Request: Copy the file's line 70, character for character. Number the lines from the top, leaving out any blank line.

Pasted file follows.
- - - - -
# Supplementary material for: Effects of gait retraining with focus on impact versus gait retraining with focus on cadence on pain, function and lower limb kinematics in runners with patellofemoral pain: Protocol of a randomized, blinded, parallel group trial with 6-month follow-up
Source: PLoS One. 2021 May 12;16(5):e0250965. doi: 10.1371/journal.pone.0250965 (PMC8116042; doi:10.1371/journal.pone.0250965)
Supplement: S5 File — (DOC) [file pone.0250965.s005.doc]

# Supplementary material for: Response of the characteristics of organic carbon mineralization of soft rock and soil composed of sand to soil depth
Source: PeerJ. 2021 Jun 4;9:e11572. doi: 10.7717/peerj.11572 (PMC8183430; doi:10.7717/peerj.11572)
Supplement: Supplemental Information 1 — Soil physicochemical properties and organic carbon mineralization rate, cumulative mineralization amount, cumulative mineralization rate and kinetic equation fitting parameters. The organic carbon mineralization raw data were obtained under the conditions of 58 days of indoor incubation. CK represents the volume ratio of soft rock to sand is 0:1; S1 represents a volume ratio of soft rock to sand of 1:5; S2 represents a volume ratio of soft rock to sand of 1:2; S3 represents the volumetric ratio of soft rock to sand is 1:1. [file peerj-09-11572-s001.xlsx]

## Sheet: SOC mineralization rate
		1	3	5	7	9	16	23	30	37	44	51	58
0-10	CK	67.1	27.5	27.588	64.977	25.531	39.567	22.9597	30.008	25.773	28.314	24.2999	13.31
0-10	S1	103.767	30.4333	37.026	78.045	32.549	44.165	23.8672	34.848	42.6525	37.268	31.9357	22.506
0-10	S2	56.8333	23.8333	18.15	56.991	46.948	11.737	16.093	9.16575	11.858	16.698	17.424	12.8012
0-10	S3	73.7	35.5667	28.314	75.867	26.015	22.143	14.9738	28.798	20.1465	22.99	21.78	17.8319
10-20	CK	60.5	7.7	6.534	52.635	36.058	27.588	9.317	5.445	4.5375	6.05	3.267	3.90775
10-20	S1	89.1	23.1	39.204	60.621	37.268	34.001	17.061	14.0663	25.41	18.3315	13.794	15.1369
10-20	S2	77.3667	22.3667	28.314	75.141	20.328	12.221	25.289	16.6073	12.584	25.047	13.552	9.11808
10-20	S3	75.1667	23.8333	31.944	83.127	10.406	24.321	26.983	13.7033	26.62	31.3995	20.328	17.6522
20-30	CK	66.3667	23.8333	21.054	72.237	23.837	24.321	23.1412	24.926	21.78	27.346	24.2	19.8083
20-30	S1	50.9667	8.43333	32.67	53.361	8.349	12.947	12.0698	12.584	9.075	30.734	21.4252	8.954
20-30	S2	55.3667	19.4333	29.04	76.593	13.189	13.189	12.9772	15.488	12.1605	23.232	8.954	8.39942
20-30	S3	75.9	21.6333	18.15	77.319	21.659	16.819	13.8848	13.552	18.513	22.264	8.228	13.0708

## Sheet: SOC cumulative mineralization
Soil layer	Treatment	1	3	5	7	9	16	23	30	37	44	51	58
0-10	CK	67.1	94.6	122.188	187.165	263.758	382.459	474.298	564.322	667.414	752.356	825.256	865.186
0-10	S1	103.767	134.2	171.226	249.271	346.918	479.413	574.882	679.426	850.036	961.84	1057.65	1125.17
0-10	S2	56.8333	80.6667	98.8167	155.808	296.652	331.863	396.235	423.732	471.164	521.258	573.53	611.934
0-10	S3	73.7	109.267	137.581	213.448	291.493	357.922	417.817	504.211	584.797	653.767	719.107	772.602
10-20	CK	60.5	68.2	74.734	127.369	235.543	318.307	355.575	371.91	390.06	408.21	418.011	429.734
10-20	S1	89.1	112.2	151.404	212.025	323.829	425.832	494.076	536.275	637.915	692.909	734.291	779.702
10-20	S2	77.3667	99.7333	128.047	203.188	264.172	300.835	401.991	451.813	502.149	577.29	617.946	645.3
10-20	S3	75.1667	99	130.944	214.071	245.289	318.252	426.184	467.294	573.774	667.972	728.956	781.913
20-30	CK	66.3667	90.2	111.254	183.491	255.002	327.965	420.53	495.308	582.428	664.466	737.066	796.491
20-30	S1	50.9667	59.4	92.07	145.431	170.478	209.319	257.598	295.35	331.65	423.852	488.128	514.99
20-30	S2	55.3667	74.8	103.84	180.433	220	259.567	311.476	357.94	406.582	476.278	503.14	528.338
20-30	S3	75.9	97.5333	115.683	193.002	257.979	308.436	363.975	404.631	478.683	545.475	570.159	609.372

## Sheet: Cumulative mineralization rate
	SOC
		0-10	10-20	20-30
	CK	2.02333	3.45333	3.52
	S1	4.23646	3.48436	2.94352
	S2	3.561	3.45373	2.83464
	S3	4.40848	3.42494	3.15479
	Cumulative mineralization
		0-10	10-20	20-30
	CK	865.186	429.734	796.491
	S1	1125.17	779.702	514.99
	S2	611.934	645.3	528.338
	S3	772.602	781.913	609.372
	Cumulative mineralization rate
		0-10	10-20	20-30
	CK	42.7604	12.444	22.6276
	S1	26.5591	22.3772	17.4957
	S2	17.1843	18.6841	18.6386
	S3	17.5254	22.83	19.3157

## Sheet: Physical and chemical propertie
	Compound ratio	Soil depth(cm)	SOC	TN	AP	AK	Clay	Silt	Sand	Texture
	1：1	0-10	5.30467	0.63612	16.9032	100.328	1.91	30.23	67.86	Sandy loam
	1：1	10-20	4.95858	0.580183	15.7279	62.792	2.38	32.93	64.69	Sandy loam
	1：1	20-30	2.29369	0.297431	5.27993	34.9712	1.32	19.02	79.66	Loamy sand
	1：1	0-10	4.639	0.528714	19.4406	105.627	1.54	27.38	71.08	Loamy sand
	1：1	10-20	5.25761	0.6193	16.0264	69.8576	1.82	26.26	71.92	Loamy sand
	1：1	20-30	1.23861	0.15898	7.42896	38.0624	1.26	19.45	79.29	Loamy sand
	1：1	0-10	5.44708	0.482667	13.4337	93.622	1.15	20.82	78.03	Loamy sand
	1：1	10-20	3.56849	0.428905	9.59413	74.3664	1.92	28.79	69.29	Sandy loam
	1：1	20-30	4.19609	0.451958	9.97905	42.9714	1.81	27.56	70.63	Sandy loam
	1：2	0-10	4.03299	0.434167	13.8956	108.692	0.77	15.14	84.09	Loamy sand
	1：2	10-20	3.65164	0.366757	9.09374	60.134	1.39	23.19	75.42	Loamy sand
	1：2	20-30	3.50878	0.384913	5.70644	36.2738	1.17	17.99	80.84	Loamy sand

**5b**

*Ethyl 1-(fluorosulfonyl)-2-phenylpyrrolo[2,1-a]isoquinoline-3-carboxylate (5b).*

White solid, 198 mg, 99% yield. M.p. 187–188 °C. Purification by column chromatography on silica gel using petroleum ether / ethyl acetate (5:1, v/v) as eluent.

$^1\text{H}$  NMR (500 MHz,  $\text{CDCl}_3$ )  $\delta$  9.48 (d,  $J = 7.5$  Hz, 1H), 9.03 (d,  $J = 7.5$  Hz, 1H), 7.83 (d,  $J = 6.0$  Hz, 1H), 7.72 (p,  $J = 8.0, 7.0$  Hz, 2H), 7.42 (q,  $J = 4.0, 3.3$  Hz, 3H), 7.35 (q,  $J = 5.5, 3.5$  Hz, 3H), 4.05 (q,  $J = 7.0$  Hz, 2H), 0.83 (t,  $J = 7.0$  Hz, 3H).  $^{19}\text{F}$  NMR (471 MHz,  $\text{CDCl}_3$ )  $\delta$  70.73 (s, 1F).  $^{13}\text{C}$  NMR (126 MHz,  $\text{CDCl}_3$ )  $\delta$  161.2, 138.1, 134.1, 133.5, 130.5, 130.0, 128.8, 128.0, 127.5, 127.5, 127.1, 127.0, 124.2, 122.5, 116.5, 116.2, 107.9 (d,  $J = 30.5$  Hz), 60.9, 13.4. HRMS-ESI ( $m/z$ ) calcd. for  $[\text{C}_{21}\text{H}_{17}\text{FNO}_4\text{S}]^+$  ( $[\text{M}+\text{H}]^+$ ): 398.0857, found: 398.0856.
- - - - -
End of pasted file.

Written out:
White solid, 198 mg, 99% yield. M.p. 187–188 °C. Purification by column chromatography on silica gel using petroleum ether / ethyl acetate (5:1, v/v) as eluent.